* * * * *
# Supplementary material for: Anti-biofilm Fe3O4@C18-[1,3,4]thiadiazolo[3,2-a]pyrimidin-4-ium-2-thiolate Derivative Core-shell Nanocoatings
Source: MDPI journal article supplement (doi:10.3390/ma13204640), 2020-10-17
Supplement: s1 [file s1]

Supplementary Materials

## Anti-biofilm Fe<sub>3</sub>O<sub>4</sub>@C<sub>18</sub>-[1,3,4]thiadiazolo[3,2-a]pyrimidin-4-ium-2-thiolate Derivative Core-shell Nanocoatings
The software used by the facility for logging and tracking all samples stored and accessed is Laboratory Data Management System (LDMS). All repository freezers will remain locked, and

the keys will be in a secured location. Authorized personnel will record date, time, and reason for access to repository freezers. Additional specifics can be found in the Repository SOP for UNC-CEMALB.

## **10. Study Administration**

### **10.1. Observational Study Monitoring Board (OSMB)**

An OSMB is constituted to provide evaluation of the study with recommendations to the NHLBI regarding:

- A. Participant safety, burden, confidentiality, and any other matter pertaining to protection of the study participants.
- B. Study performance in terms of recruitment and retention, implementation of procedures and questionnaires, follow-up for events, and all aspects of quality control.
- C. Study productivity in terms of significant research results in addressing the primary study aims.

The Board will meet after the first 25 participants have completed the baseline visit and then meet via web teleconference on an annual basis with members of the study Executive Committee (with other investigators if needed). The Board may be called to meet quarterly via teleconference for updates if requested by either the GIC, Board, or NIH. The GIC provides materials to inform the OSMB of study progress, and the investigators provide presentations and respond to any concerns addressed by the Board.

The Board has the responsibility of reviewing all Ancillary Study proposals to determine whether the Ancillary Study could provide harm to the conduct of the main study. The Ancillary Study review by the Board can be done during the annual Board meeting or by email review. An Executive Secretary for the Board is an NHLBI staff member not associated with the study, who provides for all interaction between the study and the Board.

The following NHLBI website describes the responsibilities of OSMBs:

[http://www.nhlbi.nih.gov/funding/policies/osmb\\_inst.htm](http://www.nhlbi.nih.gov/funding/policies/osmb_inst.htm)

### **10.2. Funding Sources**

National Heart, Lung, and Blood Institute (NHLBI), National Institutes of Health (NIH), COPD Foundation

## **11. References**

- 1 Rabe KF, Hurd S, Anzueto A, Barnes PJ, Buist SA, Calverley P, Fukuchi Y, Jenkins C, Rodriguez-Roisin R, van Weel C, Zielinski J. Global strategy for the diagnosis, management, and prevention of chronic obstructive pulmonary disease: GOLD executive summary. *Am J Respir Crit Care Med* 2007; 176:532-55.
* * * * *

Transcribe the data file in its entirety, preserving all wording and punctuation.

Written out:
# Supplementary material for: Anti-biofilm Fe3O4@C18-[1,3,4]thiadiazolo[3,2-a]pyrimidin-4-ium-2-thiolate Derivative Core-shell Nanocoatings
Source: MDPI journal article supplement (doi:10.3390/ma13204640), 2020-10-17
Supplement: s1 [file s1]

Supplementary Materials

## Anti-biofilm Fe<sub>3</sub>O<sub>4</sub>@C<sub>18</sub>-[1,3,4]thiadiazolo[3,2-a]pyrimidin-4-ium-2-thiolate Derivative Core-shell Nanocoatings
The software used by the facility for logging and tracking all samples stored and accessed is Laboratory Data Management System (LDMS). All repository freezers will remain locked, and

the keys will be in a secured location. Authorized personnel will record date, time, and reason for access to repository freezers. Additional specifics can be found in the Repository SOP for UNC-CEMALB.

## **10. Study Administration**

### **10.1. Observational Study Monitoring Board (OSMB)**

An OSMB is constituted to provide evaluation of the study with recommendations to the NHLBI regarding:

- A. Participant safety, burden, confidentiality, and any other matter pertaining to protection of the study participants.
- B. Study performance in terms of recruitment and retention, implementation of procedures and questionnaires, follow-up for events, and all aspects of quality control.
- C. Study productivity in terms of significant research results in addressing the primary study aims.

The Board will meet after the first 25 participants have completed the baseline visit and then meet via web teleconference on an annual basis with members of the study Executive Committee (with other investigators if needed). The Board may be called to meet quarterly via teleconference for updates if requested by either the GIC, Board, or NIH. The GIC provides materials to inform the OSMB of study progress, and the investigators provide presentations and respond to any concerns addressed by the Board.

The Board has the responsibility of reviewing all Ancillary Study proposals to determine whether the Ancillary Study could provide harm to the conduct of the main study. The Ancillary Study review by the Board can be done during the annual Board meeting or by email review. An Executive Secretary for the Board is an NHLBI staff member not associated with the study, who provides for all interaction between the study and the Board.

The following NHLBI website describes the responsibilities of OSMBs:

[http://www.nhlbi.nih.gov/funding/policies/osmb\\_inst.htm](http://www.nhlbi.nih.gov/funding/policies/osmb_inst.htm)

### **10.2. Funding Sources**

National Heart, Lung, and Blood Institute (NHLBI), National Institutes of Health (NIH), COPD Foundation

## **11. References**

- 1 Rabe KF, Hurd S, Anzueto A, Barnes PJ, Buist SA, Calverley P, Fukuchi Y, Jenkins C, Rodriguez-Roisin R, van Weel C, Zielinski J. Global strategy for the diagnosis, management, and prevention of chronic obstructive pulmonary disease: GOLD executive summary. *Am J Respir Crit Care Med* 2007; 176:532-55.